Geoscience Australia has also analysed images of objects in the Indian Ocean, which were taken two weeks after the plane disappeared on March 8, 2014. “In 2014, some satellites saw items on the surface, but at that point, there were lots of sightings from satellites and none of those turned out to be relevant,” the CSIRO report’s co-author David Griffin added.
The report also places the most likely location of the aircraft with “unprecedented precision and certainty” at 35.6°S, 92.8°E — in the Indian Ocean, findings that are considered more precise than any previous analysis.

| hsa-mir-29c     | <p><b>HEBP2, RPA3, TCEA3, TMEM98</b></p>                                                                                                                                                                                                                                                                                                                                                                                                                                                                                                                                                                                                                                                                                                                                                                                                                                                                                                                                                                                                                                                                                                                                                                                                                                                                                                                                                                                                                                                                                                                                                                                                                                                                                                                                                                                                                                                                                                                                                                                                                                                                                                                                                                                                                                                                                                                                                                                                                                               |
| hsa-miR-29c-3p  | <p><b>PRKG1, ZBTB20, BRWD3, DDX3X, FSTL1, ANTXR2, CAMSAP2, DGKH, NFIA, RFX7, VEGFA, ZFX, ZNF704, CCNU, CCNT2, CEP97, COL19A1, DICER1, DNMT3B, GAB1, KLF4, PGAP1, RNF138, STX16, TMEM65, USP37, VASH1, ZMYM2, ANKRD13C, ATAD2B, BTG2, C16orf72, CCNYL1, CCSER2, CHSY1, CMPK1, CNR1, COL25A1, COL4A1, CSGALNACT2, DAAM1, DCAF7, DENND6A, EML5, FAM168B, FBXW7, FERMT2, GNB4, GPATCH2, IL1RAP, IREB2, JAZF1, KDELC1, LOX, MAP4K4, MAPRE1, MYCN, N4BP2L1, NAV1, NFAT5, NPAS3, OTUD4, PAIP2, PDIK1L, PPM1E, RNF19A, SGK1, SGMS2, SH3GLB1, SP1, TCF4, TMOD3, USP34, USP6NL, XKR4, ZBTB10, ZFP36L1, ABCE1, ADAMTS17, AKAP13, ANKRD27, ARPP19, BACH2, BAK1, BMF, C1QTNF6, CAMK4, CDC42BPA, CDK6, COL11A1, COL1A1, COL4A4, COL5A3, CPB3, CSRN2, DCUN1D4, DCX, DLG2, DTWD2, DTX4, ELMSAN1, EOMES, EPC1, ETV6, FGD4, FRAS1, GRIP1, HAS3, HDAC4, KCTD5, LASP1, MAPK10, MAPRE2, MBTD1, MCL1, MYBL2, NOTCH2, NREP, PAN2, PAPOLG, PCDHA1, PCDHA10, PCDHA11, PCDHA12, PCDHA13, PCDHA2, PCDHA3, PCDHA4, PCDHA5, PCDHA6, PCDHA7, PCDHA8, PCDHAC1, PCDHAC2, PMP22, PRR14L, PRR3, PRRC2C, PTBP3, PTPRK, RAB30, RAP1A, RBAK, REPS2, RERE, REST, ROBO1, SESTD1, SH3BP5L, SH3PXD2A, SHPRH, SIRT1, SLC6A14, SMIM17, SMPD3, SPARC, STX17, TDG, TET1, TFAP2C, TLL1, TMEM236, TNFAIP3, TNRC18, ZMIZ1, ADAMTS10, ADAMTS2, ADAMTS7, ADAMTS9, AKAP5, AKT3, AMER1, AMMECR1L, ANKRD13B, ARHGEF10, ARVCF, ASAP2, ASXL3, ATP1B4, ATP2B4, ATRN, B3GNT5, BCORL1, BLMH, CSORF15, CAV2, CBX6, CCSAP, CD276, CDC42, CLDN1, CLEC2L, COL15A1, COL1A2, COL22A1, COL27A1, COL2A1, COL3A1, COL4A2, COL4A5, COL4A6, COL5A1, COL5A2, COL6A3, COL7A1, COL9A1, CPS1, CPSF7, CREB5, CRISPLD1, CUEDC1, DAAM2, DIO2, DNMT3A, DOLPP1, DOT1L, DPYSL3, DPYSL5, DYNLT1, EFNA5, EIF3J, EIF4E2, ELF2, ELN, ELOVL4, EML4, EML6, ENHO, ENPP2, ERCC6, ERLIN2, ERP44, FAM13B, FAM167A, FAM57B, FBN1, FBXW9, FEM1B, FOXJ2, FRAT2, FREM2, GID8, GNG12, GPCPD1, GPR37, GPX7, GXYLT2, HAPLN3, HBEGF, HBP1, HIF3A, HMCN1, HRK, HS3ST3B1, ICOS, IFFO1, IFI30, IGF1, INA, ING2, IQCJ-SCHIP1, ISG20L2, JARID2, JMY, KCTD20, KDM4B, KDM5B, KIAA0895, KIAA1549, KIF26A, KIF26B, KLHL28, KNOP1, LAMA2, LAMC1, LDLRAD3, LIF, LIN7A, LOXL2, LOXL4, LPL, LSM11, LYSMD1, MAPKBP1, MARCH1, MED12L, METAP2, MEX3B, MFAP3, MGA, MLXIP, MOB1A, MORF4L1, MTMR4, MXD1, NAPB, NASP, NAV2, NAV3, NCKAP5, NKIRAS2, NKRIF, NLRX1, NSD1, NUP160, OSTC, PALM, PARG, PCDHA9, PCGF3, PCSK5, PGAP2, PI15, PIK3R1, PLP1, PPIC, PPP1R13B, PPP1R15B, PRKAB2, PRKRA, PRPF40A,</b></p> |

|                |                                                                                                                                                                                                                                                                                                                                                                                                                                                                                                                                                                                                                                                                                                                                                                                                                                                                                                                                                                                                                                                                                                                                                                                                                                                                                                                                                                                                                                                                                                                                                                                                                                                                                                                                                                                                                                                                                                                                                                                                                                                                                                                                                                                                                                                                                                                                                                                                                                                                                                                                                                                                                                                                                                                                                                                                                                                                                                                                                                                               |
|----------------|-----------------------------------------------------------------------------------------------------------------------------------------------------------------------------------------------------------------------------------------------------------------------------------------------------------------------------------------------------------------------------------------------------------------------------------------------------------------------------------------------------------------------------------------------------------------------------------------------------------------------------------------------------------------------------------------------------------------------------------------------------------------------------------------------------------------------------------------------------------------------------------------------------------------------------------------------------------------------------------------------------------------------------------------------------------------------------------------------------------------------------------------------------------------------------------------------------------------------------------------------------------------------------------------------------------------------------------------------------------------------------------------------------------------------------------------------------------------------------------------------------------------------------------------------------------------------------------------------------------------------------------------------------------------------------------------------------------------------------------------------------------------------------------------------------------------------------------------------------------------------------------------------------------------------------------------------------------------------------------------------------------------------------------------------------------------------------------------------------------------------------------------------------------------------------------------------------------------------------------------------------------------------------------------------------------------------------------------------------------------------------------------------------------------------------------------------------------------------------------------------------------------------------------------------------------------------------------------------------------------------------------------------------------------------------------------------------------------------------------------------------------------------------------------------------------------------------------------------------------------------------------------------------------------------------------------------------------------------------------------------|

The objects in each of the satellite images were assessed based on appearance, shape and size and given a rank between one and five to determine whether they were natural or man-made items (With one being “probably natural” and five being “probably man-made”).
Objects that were given a rating of five were “bright objects with a strong rectilinear coherence, and seeming to displace the water around them”.
The findings come after research conducted by the CSIRO in April using a part of a Boeing 777 wing, called a flaperon, “sought to determine the movement of the doomed Malaysia Airlines plane and pinpoint its possible location to a 25,000 sq km area north of the original search zone.”